I recently received a very nice email from a gal who commented that this site made her aware of some Ann Dvorak, Warner Archive releases she didn’t know about. Since so many of Ann’s films have been made available through the Warner Archive, though she is not always credited in the descriptions, I thought I would do a quick recap.
Before we begin, I just wanted to express how amazing the Warner Archive is. I’ve seen some snarky comments around the Web about the bare bones DVD-Rs being a rip-off at $20 a shot. All I know is that I was in the process of booking a $500 (yes, $5-0-0) screening of I Was an American Spy at the Warner Bros lot in Burbank when the Warner Archive made it one of its inaugural titles. Compared to what I was willing to pay, $20 seems like a steal and I’m sure a lot of other film fanatics have had similar experiences with hard-to-find titles. Besides, they have so many sales and promotions that I seldom have to pay the full amount.
Without further ado, here is a list of Warner Archive Divine Dvorak DVDs with descriptions that focus on Ann’s role rather than the plot of the film as a whole:
The Strange Love of Molly Louvain (1932, Warner Bros) – Ann’s bad taste in men leaves her with a kid out of wedlock (who has a British accent), a potential wrap sheet, and a bad blonde wig.
Stranger in Town (1932, Warner Bros) – Ann is torn between her loyalty for her grandfather (Chic Sale) and her devotion to her new squeeze (David Manners) who have competing markets in the same small town.
College Coach (1933, Warner Bros) – Neglected by her college football coach husband (Pat O’Brien), Ann casts a wandering eye on one of the team’s players (Lyle Talbot).
Heat Lightning (1934, Warner Bros) – When Ann is stifled by her desert surroundings and overprotective older sister (the always awesome Aline MacMahon), she makes some poor decisions that leave her unlucky in love.
Midnight Alibi (1934, Warner Bros) – Gangster Richard Barthelmess gets on a rival’s super bad side by falling for his kid sister (Ann-D). Can love really conquer all?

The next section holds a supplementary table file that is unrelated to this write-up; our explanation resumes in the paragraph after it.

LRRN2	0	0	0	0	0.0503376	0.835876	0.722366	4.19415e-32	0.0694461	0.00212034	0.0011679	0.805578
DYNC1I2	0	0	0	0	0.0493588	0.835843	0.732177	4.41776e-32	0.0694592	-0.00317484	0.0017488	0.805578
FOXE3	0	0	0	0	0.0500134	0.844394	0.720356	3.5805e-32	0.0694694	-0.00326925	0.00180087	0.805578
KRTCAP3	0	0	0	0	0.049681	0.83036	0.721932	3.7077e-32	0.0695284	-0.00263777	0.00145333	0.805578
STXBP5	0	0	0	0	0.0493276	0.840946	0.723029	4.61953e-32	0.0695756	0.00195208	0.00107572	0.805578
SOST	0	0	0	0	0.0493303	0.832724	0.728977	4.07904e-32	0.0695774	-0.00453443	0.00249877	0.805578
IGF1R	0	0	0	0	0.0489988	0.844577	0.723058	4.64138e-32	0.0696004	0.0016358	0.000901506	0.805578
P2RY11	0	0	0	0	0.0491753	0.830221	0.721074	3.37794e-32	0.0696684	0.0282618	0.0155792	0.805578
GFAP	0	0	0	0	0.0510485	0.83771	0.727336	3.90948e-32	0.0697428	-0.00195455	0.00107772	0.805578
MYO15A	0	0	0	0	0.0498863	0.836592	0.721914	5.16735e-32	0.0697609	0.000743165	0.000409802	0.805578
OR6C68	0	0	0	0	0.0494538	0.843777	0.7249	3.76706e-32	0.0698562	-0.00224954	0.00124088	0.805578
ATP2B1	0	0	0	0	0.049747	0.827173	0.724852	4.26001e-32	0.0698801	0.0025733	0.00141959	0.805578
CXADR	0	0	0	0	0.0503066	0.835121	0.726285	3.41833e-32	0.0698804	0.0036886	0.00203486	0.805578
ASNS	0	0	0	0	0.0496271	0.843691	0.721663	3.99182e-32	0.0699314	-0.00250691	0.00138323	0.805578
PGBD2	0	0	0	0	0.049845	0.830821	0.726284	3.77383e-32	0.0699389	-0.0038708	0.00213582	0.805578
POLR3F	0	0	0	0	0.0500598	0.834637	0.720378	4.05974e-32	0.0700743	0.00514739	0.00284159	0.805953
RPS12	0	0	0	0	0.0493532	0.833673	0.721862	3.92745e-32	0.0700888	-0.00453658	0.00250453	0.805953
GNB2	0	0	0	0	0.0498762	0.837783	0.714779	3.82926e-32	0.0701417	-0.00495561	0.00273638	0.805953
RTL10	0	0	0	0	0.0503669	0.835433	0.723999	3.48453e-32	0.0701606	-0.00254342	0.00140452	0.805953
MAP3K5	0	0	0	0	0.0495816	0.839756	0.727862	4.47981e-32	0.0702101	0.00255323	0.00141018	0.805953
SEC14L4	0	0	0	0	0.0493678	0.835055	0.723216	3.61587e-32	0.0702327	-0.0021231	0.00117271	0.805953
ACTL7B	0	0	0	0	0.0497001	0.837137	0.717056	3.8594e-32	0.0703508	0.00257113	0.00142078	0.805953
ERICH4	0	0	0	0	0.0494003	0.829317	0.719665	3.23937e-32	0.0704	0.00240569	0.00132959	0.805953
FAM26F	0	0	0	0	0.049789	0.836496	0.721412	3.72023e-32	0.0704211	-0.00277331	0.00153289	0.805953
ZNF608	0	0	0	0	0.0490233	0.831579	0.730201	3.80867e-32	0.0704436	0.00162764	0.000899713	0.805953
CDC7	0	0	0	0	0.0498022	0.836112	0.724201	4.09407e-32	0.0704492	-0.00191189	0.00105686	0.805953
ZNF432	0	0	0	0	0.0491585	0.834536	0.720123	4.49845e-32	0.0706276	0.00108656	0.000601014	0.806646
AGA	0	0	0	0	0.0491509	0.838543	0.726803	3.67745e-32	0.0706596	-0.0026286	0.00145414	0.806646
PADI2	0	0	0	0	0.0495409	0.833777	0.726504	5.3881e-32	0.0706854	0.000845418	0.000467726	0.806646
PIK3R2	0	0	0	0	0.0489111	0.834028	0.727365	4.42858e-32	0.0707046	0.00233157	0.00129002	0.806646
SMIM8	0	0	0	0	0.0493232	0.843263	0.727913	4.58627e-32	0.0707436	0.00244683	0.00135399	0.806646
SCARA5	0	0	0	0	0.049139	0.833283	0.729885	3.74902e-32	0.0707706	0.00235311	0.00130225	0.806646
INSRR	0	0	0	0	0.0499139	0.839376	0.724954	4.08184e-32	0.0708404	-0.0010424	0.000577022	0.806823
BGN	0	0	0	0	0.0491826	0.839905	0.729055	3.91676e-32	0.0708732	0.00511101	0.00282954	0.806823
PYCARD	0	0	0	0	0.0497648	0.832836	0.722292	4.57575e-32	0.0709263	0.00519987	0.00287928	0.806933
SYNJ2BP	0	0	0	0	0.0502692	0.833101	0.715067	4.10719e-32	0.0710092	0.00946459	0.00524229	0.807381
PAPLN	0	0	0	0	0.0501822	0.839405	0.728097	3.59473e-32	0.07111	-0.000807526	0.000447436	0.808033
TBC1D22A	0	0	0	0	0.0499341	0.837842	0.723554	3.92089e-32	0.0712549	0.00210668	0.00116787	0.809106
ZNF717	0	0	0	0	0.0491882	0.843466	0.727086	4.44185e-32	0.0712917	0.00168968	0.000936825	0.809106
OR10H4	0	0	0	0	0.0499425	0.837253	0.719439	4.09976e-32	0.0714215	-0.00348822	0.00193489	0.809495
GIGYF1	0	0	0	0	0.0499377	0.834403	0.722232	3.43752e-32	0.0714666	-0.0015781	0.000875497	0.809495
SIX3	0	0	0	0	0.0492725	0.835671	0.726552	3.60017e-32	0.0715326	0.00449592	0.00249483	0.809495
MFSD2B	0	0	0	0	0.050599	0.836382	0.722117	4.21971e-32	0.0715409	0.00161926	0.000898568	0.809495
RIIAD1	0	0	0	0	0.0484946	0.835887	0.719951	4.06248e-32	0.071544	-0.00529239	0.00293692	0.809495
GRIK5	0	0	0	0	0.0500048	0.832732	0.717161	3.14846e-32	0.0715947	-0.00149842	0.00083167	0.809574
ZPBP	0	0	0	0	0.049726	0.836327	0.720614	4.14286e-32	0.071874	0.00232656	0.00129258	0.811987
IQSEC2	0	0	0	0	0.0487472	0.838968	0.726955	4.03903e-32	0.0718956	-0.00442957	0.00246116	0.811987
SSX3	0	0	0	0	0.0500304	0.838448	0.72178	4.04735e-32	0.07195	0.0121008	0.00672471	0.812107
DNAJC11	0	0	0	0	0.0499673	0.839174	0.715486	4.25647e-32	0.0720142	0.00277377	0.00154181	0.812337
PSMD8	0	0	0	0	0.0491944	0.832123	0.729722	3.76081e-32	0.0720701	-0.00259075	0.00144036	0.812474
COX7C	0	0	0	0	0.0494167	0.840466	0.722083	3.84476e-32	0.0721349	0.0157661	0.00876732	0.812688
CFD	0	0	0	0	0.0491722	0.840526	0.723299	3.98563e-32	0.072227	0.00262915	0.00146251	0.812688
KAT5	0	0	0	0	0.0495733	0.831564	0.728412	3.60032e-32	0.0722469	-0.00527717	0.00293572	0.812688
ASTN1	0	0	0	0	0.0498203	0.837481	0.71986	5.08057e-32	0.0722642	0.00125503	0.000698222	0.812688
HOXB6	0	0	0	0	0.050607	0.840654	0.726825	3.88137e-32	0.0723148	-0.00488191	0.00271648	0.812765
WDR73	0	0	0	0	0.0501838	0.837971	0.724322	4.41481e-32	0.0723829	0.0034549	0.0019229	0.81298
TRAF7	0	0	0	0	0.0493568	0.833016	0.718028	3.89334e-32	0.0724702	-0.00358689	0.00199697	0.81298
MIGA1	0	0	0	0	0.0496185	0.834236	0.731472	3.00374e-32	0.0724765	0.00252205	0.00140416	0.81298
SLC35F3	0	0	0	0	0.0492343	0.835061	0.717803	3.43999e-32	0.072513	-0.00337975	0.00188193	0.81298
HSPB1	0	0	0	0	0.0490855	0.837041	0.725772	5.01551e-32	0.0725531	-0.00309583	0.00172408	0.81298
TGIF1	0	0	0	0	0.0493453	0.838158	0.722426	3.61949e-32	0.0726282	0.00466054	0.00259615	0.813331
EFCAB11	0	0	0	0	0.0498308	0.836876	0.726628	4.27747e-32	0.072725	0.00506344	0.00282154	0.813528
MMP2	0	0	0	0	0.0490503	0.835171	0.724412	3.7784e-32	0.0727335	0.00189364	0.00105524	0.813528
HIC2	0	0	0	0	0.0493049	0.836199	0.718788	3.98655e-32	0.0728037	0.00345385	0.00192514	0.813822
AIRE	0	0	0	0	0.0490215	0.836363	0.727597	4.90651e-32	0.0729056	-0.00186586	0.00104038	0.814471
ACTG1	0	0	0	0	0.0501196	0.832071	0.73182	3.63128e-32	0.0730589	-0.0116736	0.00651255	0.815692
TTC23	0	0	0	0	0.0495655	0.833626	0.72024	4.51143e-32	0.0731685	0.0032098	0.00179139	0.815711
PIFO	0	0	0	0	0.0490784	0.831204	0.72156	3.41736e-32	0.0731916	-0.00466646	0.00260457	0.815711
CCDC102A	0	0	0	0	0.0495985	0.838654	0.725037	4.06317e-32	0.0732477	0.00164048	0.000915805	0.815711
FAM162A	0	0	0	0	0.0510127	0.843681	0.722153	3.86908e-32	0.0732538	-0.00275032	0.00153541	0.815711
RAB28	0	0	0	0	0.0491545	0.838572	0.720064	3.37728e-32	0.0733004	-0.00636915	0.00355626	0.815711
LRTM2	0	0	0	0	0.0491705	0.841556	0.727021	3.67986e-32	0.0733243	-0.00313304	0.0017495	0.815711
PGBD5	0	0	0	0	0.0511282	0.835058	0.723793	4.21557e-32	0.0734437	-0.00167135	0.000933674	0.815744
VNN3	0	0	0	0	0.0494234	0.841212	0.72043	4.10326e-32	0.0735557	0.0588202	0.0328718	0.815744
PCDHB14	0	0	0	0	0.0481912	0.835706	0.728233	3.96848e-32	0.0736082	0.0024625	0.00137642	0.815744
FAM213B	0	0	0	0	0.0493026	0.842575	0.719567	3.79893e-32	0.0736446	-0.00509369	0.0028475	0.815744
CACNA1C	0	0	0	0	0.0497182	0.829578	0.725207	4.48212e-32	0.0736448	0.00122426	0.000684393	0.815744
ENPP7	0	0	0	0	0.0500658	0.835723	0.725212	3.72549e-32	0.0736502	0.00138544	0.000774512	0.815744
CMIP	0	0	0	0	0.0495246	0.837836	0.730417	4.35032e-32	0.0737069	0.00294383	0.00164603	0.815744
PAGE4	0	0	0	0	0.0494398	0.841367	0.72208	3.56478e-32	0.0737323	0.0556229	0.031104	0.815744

Side Streets (1934 Warner Bros) – Ann finds herself with a child out of wedlock from a scoundrel (Paul Kelly) who is already married to (the always fabulous) Aline MacMahon.
Stronger Than Desire (1939, M-G-M) – Directed by then husband Leslie Fenton, Ann looks stunning as she is accused of a murder she may or may not have committed. Highlights are an under-oath break-down, and courtroom fake faint as commanded by attorney Walter Pidgeon.
I Was an American Spy (1951, Allied Artists) – See Ann thwart the Axis powers in the Philippines, kind of do a fan dance, and sing “Because of You” before being captured and tortured by Japanese forces in this film based on the true story of Claire Phillips.
For those of you who are die-hard Dvorak devotes, the following releases feature Ann as a chorus girl or extra:
Hollywood Revue of 1929 (1929, M-G-M) – It’s all talking, all singing, all dancing, all Ann Dvorak! Well, not really, but she is in this one a lot as the chorus is featured in the bulk of the numbers. She also utters her first onscreen words, “pardon me,” to Jack Benny and slaps him.
It’s a Great Life (1929, M-G-M) – See Ann take front-and-center and dance her little heart out to the “Hoosier Hop,” a number she supposedly choreographed.
Chasing Rainbows (1930, M-G-M) – Ann’s very visible in an early backstage scene, but a big musical number at the end is missing and supplemented with scene stills.
So This is College (1929, M-G-M) – Ann is young (seventeen), sans make-up, and her eyebrows have never seen tweezers in this early talkie. She is quite visible in a couple of scenes.
Lord Byron of Broadway (1930, M-G-M) – Ann pops up in the “Old Woman in a Shoe” number.
Politics (1931, M-G-M) – Ann can be seen in the crowd at a political rally in this early pro-feminist comedy starring Marie Dressler and Polly Moran.
This Modern Age (1931, M-G-M) – Ann dances and party crashes in this Joan Crawford drama.
Love in the Rough (1930, M-G-M) – This one is only for the Ann Dvorak completest (which may just be me), as the musical number she is in was cut out.
Ann Dvorak made three films with Columbia in the late 1930s, none of which were ever released on VHS. Now through the Columbia Screen Classics by Request program (similar to the Warner Archive), Blind Alley is available for purchase.
I spoke about Blind Alley on a recent post when it played at the annual San Francisco Noir Festival last month, so I won’t rehash my take on it now, only to say that it’s worth a watch.
What I will talk about briefly is the box art, which uses the one-sheet for the film. Please note Ann Dvorak’s top billing on the poster and yet she is no where to be found. When I first saw this, I figured Joan Perry was the dame depicted on the poster, and did not feel so bad because she became Mrs. Harry Cohn a couple of years later. However, I later realized that it’s Rose Stradner looking so forlorn next to Ralph Bellamy and Chester Morris, and that just makes me mad. It’s one thing if the studio’s main squeeze makes it onto the advertising, but Ann getting bumped for someone so low in billing just seems wrong. I have nothing against Miz Stradner personally, I’m sure she was lovely, and I merely bear the mark of frustration after being a disgruntled Ann Dvorak fan for so many years.